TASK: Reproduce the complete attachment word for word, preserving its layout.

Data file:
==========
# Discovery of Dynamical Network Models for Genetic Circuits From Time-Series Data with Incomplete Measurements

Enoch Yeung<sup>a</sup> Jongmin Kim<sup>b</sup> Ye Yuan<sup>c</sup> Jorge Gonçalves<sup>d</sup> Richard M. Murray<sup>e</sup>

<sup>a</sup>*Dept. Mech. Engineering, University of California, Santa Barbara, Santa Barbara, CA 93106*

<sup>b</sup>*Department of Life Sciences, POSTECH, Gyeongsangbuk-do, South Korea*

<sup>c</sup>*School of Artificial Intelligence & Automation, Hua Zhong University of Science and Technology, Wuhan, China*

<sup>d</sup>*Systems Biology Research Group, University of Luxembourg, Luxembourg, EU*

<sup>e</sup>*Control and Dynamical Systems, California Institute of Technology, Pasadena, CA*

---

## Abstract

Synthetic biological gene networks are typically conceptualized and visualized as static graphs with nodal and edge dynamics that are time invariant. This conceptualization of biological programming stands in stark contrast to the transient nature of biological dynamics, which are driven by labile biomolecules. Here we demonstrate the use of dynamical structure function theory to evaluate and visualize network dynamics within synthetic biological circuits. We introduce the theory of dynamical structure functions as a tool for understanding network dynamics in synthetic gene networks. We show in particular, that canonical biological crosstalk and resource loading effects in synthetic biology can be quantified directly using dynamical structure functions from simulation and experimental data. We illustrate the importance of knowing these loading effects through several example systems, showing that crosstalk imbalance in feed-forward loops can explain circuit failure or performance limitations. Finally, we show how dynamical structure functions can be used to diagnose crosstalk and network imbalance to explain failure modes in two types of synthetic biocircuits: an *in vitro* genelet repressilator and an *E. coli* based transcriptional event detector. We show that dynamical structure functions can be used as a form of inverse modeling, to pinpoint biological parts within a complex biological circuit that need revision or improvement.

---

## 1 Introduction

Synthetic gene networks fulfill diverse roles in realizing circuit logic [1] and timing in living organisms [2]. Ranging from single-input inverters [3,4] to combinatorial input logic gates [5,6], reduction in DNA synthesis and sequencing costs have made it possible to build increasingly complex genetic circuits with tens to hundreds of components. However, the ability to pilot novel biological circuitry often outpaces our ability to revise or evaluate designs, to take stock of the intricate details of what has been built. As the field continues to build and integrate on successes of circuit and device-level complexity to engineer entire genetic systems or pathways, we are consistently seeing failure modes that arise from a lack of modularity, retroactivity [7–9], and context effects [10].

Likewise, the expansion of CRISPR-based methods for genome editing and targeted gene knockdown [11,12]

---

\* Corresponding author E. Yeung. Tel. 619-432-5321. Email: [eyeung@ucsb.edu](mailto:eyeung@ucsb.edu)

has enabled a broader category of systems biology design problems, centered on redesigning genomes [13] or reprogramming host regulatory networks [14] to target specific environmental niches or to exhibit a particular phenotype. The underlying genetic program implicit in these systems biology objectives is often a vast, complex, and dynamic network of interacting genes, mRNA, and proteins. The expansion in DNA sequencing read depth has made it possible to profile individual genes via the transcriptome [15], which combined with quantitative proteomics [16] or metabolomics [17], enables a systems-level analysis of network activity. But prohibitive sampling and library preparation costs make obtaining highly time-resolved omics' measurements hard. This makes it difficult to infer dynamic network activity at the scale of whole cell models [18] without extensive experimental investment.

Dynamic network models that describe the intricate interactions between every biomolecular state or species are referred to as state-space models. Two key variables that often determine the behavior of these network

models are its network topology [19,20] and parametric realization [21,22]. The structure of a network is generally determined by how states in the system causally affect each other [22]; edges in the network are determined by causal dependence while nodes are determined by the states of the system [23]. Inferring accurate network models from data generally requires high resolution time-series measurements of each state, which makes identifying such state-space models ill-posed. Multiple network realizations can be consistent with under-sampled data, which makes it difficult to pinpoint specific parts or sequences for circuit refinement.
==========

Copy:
# Discovery of Dynamical Network Models for Genetic Circuits From Time-Series Data with Incomplete Measurements

Enoch Yeung<sup>a</sup> Jongmin Kim<sup>b</sup> Ye Yuan<sup>c</sup> Jorge Gonçalves<sup>d</sup> Richard M. Murray<sup>e</sup>

<sup>a</sup>*Dept. Mech. Engineering, University of California, Santa Barbara, Santa Barbara, CA 93106*

<sup>b</sup>*Department of Life Sciences, POSTECH, Gyeongsangbuk-do, South Korea*

<sup>c</sup>*School of Artificial Intelligence & Automation, Hua Zhong University of Science and Technology, Wuhan, China*

<sup>d</sup>*Systems Biology Research Group, University of Luxembourg, Luxembourg, EU*

<sup>e</sup>*Control and Dynamical Systems, California Institute of Technology, Pasadena, CA*

---

## Abstract

Synthetic biological gene networks are typically conceptualized and visualized as static graphs with nodal and edge dynamics that are time invariant. This conceptualization of biological programming stands in stark contrast to the transient nature of biological dynamics, which are driven by labile biomolecules. Here we demonstrate the use of dynamical structure function theory to evaluate and visualize network dynamics within synthetic biological circuits. We introduce the theory of dynamical structure functions as a tool for understanding network dynamics in synthetic gene networks. We show in particular, that canonical biological crosstalk and resource loading effects in synthetic biology can be quantified directly using dynamical structure functions from simulation and experimental data. We illustrate the importance of knowing these loading effects through several example systems, showing that crosstalk imbalance in feed-forward loops can explain circuit failure or performance limitations. Finally, we show how dynamical structure functions can be used to diagnose crosstalk and network imbalance to explain failure modes in two types of synthetic biocircuits: an *in vitro* genelet repressilator and an *E. coli* based transcriptional event detector. We show that dynamical structure functions can be used as a form of inverse modeling, to pinpoint biological parts within a complex biological circuit that need revision or improvement.

---

## 1 Introduction

Synthetic gene networks fulfill diverse roles in realizing circuit logic [1] and timing in living organisms [2]. Ranging from single-input inverters [3,4] to combinatorial input logic gates [5,6], reduction in DNA synthesis and sequencing costs have made it possible to build increasingly complex genetic circuits with tens to hundreds of components. However, the ability to pilot novel biological circuitry often outpaces our ability to revise or evaluate designs, to take stock of the intricate details of what has been built. As the field continues to build and integrate on successes of circuit and device-level complexity to engineer entire genetic systems or pathways, we are consistently seeing failure modes that arise from a lack of modularity, retroactivity [7–9], and context effects [10].

Likewise, the expansion of CRISPR-based methods for genome editing and targeted gene knockdown [11,12]

---

\* Corresponding author E. Yeung. Tel. 619-432-5321. Email: [eyeung@ucsb.edu](mailto:eyeung@ucsb.edu)

has enabled a broader category of systems biology design problems, centered on redesigning genomes [13] or reprogramming host regulatory networks [14] to target specific environmental niches or to exhibit a particular phenotype. The underlying genetic program implicit in these systems biology objectives is often a vast, complex, and dynamic network of interacting genes, mRNA, and proteins. The expansion in DNA sequencing read depth has made it possible to profile individual genes via the transcriptome [15], which combined with quantitative proteomics [16] or metabolomics [17], enables a systems-level analysis of network activity. But prohibitive sampling and library preparation costs make obtaining highly time-resolved omics' measurements hard. This makes it difficult to infer dynamic network activity at the scale of whole cell models [18] without extensive experimental investment.

Dynamic network models that describe the intricate interactions between every biomolecular state or species are referred to as state-space models. Two key variables that often determine the behavior of these network

models are its network topology [19,20] and parametric realization [21,22]. The structure of a network is generally determined by how states in the system causally affect each other [22]; edges in the network are determined by causal dependence while nodes are determined by the states of the system [23]. Inferring accurate network models from data generally requires high resolution time-series measurements of each state, which makes identifying such state-space models ill-posed. Multiple network realizations can be consistent with under-sampled data, which makes it difficult to pinpoint specific parts or sequences for circuit refinement.